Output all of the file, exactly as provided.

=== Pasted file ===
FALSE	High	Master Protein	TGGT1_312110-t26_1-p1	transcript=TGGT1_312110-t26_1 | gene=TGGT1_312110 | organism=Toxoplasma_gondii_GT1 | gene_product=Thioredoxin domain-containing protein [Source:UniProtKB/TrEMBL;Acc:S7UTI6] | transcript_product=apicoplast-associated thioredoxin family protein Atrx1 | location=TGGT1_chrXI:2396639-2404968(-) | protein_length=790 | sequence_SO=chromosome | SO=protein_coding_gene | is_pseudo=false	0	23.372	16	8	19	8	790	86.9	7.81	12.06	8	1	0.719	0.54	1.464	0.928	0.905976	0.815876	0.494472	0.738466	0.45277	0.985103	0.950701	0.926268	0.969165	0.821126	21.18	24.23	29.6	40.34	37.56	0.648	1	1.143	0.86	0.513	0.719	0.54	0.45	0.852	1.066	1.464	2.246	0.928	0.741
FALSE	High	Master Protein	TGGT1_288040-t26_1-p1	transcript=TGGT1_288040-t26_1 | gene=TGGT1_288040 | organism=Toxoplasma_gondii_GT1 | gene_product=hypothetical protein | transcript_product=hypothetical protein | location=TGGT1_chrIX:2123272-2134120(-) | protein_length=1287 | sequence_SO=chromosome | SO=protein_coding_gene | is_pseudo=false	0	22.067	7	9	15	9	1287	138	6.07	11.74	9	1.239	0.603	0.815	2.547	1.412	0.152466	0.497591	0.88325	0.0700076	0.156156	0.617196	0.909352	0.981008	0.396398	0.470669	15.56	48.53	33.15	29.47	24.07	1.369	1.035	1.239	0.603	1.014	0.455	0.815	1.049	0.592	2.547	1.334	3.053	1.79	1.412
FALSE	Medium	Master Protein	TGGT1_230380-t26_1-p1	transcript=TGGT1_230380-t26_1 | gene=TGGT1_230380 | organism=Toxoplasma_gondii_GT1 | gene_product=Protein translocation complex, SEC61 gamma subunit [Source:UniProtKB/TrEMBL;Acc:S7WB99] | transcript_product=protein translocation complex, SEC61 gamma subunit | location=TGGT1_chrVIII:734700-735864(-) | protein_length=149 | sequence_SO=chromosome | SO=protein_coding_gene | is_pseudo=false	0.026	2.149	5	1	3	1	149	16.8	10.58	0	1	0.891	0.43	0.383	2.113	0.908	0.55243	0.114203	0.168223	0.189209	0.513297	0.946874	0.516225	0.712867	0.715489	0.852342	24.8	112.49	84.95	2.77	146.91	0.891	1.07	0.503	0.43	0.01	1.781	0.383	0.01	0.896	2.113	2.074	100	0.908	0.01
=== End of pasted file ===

FALSE	High	Master Protein	TGGT1_312110-t26_1-p1	transcript=TGGT1_312110-t26_1 | gene=TGGT1_312110 | organism=Toxoplasma_gondii_GT1 | gene_product=Thioredoxin domain-containing protein [Source:UniProtKB/TrEMBL;Acc:S7UTI6] | transcript_product=apicoplast-associated thioredoxin family protein Atrx1 | location=TGGT1_chrXI:2396639-2404968(-) | protein_length=790 | sequence_SO=chromosome | SO=protein_coding_gene | is_pseudo=false	0	23.372	16	8	19	8	790	86.9	7.81	12.06	8	1	0.719	0.54	1.464	0.928	0.905976	0.815876	0.494472	0.738466	0.45277	0.985103	0.950701	0.926268	0.969165	0.821126	21.18	24.23	29.6	40.34	37.56	0.648	1	1.143	0.86	0.513	0.719	0.54	0.45	0.852	1.066	1.464	2.246	0.928	0.741
FALSE	High	Master Protein	TGGT1_288040-t26_1-p1	transcript=TGGT1_288040-t26_1 | gene=TGGT1_288040 | organism=Toxoplasma_gondii_GT1 | gene_product=hypothetical protein | transcript_product=hypothetical protein | location=TGGT1_chrIX:2123272-2134120(-) | protein_length=1287 | sequence_SO=chromosome | SO=protein_coding_gene | is_pseudo=false	0	22.067	7	9	15	9	1287	138	6.07	11.74	9	1.239	0.603	0.815	2.547	1.412	0.152466	0.497591	0.88325	0.0700076	0.156156	0.617196	0.909352	0.981008	0.396398	0.470669	15.56	48.53	33.15	29.47	24.07	1.369	1.035	1.239	0.603	1.014	0.455	0.815	1.049	0.592	2.547	1.334	3.053	1.79	1.412
FALSE	Medium	Master Protein	TGGT1_230380-t26_1-p1	transcript=TGGT1_230380-t26_1 | gene=TGGT1_230380 | organism=Toxoplasma_gondii_GT1 | gene_product=Protein translocation complex, SEC61 gamma subunit [Source:UniProtKB/TrEMBL;Acc:S7WB99] | transcript_product=protein translocation complex, SEC61 gamma subunit | location=TGGT1_chrVIII:734700-735864(-) | protein_length=149 | sequence_SO=chromosome | SO=protein_coding_gene | is_pseudo=false	0.026	2.149	5	1	3	1	149	16.8	10.58	0	1	0.891	0.43	0.383	2.113	0.908	0.55243	0.114203	0.168223	0.189209	0.513297	0.946874	0.516225	0.712867	0.715489	0.852342	24.8	112.49	84.95	2.77	146.91	0.891	1.07	0.503	0.43	0.01	1.781	0.383	0.01	0.896	2.113	2.074	100	0.908	0.01